Ryan: 113th Congress, Get to the Internet
The most common misconception around digital engagement is that the power of the Internet exists in the future. Just about everyone I talk to about digital strategy, from elected officials to interns who want to work in politics, tells me that they want to do more online because that’s where things are headed. But that perception is wrong. The Internet is the present. We no longer go online, but the online world is woven into the fabric of our daily lives.
According to the research firm Forrester, Americans now spend as much time online as we do watching television (and often those TV sets are Internet devices in their own right). The more integrated technology is in our society, the less meaning terms such as online and Internet have.
But for the savvy member of Congress (and their savvy staff), the current digital reality creates an opportunity for new levels of civic engagement and grass-roots support. By building and maintaining a few simple channels and engaging in the online space, members of Congress can build support for their legislation and allow activists and constituents to participate in the legislative process right along with them.
The first step is to re-engage online resources built up during the campaign. While your campaign’s online resources aren’t covered under franking rules and you can’t use your campaign site to conduct official business or send emails to this list from your government account, you can encourage folks from the campaign to remain involved. The Senate and House Ethics committees will have guidelines for what is allowed.
The most important resource to keep active is your email list. Supporters liked you enough that they volunteered to receive updates from you in their inbox. Your email list is populated by evangelists for you and the legislation you want to champion in Congress. Keep them updated on what you’re working on, but more importantly, give them things to do. Got a bill that you want to get out of committee? Ask them to call members who can make that happen. Want to get the word out about what you’re doing in office? Suggest that they share an article about you on Facebook.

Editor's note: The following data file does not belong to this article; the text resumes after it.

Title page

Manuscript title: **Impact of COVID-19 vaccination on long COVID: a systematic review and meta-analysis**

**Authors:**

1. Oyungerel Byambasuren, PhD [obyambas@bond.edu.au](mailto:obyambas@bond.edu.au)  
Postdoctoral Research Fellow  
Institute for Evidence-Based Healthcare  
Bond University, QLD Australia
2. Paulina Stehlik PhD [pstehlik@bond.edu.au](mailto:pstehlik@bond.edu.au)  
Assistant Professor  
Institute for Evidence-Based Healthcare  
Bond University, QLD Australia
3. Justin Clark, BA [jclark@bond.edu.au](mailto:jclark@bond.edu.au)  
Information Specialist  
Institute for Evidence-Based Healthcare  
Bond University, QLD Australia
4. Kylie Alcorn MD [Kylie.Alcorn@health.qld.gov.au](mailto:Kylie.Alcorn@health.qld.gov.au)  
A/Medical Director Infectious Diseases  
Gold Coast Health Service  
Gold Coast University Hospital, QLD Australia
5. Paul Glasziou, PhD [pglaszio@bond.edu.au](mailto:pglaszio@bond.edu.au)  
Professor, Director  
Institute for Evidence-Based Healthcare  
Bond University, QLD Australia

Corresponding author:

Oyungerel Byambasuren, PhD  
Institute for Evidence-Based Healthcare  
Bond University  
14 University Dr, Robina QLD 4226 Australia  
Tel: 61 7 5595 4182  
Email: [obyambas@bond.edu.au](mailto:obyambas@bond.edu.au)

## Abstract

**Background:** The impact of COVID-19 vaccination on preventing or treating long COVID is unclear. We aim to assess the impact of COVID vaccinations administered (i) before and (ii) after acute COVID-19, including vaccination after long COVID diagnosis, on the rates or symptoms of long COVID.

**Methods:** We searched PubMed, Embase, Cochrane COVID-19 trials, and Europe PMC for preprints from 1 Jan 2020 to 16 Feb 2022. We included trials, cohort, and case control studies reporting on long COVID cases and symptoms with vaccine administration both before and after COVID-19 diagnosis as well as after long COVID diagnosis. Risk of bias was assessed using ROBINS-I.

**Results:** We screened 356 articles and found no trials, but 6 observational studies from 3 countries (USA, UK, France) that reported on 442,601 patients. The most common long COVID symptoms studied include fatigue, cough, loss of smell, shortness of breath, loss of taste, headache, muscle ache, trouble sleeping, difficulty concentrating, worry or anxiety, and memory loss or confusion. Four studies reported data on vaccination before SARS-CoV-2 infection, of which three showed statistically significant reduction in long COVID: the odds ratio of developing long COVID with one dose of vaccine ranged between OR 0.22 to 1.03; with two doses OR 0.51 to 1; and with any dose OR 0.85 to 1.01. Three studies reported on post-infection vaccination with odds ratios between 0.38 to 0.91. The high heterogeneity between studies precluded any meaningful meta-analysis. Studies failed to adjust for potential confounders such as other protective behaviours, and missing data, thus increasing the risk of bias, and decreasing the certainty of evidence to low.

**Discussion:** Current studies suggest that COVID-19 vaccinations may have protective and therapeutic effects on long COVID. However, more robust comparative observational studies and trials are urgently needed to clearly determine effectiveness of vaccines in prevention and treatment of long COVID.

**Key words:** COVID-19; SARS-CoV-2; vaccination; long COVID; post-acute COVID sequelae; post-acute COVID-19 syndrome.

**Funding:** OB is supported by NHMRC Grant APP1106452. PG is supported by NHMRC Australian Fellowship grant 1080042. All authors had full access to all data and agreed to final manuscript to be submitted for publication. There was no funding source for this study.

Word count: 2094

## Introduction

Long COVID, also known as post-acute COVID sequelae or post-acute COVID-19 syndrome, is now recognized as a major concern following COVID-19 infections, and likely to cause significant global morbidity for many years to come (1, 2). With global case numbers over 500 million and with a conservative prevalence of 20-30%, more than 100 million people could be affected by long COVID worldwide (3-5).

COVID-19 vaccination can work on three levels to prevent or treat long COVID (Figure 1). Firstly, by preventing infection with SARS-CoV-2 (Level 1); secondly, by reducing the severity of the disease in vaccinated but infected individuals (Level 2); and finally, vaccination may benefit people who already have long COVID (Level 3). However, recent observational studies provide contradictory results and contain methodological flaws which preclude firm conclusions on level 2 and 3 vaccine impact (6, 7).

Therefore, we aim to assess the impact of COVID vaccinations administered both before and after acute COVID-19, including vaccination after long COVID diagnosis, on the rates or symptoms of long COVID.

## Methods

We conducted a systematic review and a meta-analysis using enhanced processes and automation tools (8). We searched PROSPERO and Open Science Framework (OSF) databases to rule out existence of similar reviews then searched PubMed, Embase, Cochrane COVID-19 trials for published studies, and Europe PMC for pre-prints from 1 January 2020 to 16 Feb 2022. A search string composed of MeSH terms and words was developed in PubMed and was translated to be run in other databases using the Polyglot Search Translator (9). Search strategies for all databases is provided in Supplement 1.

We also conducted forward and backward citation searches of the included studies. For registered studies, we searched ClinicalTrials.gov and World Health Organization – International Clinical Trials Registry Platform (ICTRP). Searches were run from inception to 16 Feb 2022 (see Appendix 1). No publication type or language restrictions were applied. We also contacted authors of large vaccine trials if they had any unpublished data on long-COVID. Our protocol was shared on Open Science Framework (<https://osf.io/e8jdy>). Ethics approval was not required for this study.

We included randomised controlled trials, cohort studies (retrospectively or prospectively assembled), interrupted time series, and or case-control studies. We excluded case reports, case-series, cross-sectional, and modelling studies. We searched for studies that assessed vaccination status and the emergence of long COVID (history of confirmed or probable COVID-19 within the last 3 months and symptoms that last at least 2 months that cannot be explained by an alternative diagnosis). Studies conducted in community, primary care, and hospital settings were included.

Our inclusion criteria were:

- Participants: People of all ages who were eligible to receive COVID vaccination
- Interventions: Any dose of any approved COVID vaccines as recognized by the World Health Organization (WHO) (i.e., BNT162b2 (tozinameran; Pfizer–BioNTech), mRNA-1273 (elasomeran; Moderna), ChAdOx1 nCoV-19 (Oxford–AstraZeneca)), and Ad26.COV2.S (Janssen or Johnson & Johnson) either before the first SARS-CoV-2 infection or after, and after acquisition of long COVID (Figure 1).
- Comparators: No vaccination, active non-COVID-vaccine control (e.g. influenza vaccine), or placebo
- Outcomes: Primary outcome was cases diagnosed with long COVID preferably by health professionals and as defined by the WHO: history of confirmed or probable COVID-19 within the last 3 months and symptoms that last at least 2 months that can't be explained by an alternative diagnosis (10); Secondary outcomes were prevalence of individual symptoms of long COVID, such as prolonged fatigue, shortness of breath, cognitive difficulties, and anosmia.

Next, make sure that your official online properties are easy to navigate and make sharing simple. You want to ensure that your constituents can get the information they need and that those interested can spread the word about what you’re doing to their own networks. Whenever possible, make sure statements and newsletters are webpages and not PDF files. And the person assigned to keeping up your website should check frequently to make sure there are no broken links. Set up official YouTube, Facebook and Twitter accounts as quickly as possible.
Now that your campaign supporters are still hearing from you and your official website is flawless, it’s time to reach out to potential supporters where they are. Broadly this could mean going on a site such as Reddit or participating in a national grass-roots political blog such as Red State or Daily Kos. But I’d also suggest seeking online communities in your home state or around issues that you care about. The best way to expand your own grass-roots network is to find people where they’re congregating online, introduce yourself and get to know them on their turf.
The most important thing to remember is that you’re having a conversation and not just broadcasting. The Internet talks back, and if you’re not listening, even your biggest supporters will eventually tune you out. Some easy ways to engage are to solicit feedback, respond to questions and report back frequently on people’s concerns.
I won’t pretend that participating online as a member of Congress is easy. It takes time, attention and resources. There are campaign finance laws and congressional ethics rules to learn. And it goes without saying that not every person you encounter online will agree or be civil. But the benefits of committing to an online presence far outweigh the risks. The Internet isn’t some distant future; it’s the reality that your supporters and constituents live in. Continuing the online conversation keeps the grass roots involved in the Democratic process, and it’s the best way to communicate with your constituents because the Internet is where they are — and where they’ll continue to be.
Melissa Ryan is a digital strategist who handled blog and progressive media outreach for the Obama campaign. Follow her on Twitter @melissaryan.